The good news is that settling the dispute amongst yourselves often means there is no cost in time or money. Best of all, you maintain a good relationship with your neighbour. “Neighbours are all about enduring relationships,” says Gilbert, the dispute resolution expert. “Resolving your issue with your neighbour will have long-lasting benefits.”
Get a free community mediator
If you and your neighbour can’t solve the dispute on your own, you may want to try mediation. Mediators are neutral third parties who aim to have the parties reach a solution that’s beneficial for both sides. There’s no best-case or worst-case scenario: instead, the mediated settlement is usually “good enough” for both parties to feel they got something out of the proceedings.
The session usually takes less than a day, and the results are amazingly effective. “With mediation, it’s a win-win for both parties,” says Gilbert. “Both parties usually walk away feeling good about things.”
In fact, more than 80% of all disputes that go to mediation are settled before going to court, and another 5% resolve shortly afterwards, once the feuding neighbours have had time to think things over. If the parties come to terms, they sign a mediation agreement: it isn’t a legally binding contract, but both sides are highly likely to abide by it. If the parties can’t agree, the mediator summarizes the progress they’ve made, and they can agree to meet again. If the case ends up going to trial, these discussions won’t be used as evidence in court.
Some communities offer free mediation services that are handled by volunteers. “We hand-pick our volunteers, and they’re broadly representative of the neighbourhood,” says Peter Bruer, manager of conflict resolution training at St. Stephen’s Community House in Toronto. “We walk them through a structured approach to resolving issues. The aim is to mend relationships and help neighbours figure out how to accommodate each other.” The volunteers typically meet with each neighbour separately first, and then schedule a session where everyone sits down to work out an agreement.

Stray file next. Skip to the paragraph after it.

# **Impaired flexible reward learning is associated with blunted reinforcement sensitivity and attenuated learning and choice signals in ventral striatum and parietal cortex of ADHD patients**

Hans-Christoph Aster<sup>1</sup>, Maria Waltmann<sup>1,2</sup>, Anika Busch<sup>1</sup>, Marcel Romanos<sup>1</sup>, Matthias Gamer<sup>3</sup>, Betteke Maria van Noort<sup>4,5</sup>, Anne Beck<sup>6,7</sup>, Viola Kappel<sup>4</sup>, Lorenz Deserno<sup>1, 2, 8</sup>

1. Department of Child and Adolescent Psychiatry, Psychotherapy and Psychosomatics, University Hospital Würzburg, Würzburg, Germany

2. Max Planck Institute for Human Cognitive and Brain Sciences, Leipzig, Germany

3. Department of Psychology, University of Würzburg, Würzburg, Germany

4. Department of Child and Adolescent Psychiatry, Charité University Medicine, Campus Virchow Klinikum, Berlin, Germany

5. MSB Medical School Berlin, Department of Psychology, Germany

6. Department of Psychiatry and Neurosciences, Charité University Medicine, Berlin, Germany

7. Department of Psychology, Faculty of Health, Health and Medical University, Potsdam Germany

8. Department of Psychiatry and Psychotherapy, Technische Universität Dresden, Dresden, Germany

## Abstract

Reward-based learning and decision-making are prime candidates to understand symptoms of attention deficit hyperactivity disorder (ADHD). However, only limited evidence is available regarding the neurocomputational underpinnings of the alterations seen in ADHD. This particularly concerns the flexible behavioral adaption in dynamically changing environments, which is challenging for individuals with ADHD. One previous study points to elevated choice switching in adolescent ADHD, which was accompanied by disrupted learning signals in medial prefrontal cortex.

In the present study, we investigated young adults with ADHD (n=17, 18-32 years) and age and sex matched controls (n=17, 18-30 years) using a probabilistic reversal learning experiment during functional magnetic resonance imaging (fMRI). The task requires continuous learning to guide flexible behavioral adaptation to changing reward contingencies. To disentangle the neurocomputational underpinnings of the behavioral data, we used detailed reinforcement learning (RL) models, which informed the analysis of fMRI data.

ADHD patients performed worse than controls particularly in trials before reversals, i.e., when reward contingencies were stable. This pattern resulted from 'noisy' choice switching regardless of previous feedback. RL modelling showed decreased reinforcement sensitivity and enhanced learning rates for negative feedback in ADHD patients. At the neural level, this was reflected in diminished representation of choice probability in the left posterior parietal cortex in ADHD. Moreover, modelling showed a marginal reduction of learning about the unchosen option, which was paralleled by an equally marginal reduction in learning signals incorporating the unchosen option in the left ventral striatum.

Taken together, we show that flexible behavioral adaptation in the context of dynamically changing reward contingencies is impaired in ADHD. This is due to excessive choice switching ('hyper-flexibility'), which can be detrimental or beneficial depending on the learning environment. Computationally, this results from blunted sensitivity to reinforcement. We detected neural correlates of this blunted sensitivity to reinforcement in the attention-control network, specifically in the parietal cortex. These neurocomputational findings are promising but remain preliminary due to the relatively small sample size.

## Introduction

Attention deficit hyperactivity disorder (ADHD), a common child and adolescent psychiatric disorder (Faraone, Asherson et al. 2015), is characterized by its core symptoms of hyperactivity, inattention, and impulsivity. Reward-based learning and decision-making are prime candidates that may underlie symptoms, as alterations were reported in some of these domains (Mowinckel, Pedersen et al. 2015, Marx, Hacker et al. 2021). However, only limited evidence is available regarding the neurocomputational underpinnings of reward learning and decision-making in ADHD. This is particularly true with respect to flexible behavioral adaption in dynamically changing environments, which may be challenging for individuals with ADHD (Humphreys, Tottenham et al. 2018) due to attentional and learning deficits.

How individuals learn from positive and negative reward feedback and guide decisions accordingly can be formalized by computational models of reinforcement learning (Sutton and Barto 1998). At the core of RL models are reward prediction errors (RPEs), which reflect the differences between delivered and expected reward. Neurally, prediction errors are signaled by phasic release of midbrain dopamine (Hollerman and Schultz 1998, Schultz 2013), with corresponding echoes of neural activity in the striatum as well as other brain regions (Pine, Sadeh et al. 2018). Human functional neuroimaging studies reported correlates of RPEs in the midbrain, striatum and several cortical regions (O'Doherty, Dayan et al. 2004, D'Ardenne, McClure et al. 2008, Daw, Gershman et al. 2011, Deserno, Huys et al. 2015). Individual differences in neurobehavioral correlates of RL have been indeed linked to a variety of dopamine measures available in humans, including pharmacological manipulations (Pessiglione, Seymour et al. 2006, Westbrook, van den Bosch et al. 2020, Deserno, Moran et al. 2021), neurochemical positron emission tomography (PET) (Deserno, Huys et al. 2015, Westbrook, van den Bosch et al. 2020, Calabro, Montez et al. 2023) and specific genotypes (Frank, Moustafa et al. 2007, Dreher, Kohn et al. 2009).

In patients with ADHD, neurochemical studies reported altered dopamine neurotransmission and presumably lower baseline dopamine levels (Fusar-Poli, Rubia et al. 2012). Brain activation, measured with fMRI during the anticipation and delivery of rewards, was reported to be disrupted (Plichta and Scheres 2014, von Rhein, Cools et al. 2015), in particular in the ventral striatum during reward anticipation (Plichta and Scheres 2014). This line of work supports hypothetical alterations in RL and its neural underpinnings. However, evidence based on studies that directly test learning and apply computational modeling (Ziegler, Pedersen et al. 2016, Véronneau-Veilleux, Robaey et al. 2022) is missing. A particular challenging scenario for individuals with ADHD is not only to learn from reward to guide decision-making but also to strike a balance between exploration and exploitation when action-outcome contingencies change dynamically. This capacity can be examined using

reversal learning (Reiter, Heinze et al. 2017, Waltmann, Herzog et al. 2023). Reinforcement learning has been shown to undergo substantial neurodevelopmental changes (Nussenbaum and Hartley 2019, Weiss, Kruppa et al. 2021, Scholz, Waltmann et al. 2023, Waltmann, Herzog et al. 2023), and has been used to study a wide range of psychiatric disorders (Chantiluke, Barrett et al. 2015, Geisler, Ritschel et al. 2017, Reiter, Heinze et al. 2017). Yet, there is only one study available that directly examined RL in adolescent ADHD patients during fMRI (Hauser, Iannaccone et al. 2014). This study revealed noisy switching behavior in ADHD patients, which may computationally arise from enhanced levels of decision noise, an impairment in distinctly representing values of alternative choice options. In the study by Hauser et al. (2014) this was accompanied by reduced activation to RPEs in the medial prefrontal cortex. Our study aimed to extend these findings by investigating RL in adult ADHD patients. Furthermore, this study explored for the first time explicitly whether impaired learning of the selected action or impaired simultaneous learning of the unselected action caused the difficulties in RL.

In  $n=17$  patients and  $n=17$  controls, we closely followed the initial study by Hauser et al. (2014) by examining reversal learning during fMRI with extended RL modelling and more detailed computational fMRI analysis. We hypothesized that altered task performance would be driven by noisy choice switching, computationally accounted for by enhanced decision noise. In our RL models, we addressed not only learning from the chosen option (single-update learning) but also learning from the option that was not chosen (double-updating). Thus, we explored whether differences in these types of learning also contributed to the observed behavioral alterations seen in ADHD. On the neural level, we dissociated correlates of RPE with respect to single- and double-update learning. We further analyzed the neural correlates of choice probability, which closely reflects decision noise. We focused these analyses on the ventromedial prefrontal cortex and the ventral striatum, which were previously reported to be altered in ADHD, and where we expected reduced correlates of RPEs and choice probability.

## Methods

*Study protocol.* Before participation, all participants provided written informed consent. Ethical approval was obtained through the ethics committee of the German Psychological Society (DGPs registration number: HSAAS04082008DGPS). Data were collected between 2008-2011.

Condo boards also provide free mediation services. “There’s a joke in the condo community that all disputes are about one of three things: people, pets or parking,” says Jennifer Bell, a mediator with Placet Dispute Resolution in Toronto, a firm experienced in mediating disputes between condo neighbours. In some provinces, condo disputes must be mediated before any party seeks legal action. The condo board’s lawyers pick a mediator through the ADR Institute of Canada, an industry group that promotes dispute resolution services. Such mediators charge between $200 and $800 an hour, and the cost is fully paid by the condo board. “The mediation session is usually attended by condo board directors, the property manager and the owners of the units,” says Bell. “We take the problem and try to make sense of it for everyone. It’s a team approach, and it works really well.”
One condo mediation case in Oakville, Ont., this year involved 55-year-old Marie Cross and her husband Max. The couple moved into their unit in July and brought along their golden retriever, Blackie, even though the building has a no-pet policy. After several complaints from the neighbours, the condo board asked the Crosses to either get rid of the dog or sell their unit and move.
Marie refused, claiming that her real estate agent had failed to disclose the building’s no-pet policy. More important, she said the dog was a therapeutic tool for a severe anxiety disorder she suffers from.
Marie’s claim that she is disabled made a cut-and-dried case much more complicated. According to the Ontario Human Rights Code, which prevents discrimination on any basis, if Marie is disabled and relies on the dog for therapy, then she would get to keep Blackie, regardless of condo policy.
A meeting between the Crosses, the condo board of directors and the property manager took place in early November. Five minutes before the meeting was to start, Marie sent notice that she couldn’t attend because she was having a panic attack. (Max attended on her behalf.) Now the case is being mediated, and medical experts are being consulted on two key issues: whether Marie has a genuine disability, and whether the dog is a necessary therapy. Both must be true for Marie to be able to keep the dog—if not, either she or Blackie will have to go.
Hire a mediator
If you live in a city or town that doesn’t offer free mediation services, you and your neighbour may decide to hire one to resolve your dispute. Check the ADR Institute of Canada website for mediators in your area. Figure on paying somewhere between $1,500 and $3,000 for a half-day to full-day session. Most disputes are resolved in that short amount of time. The cost is usually split equally between the two of you and paid to the mediator immediately after the meeting.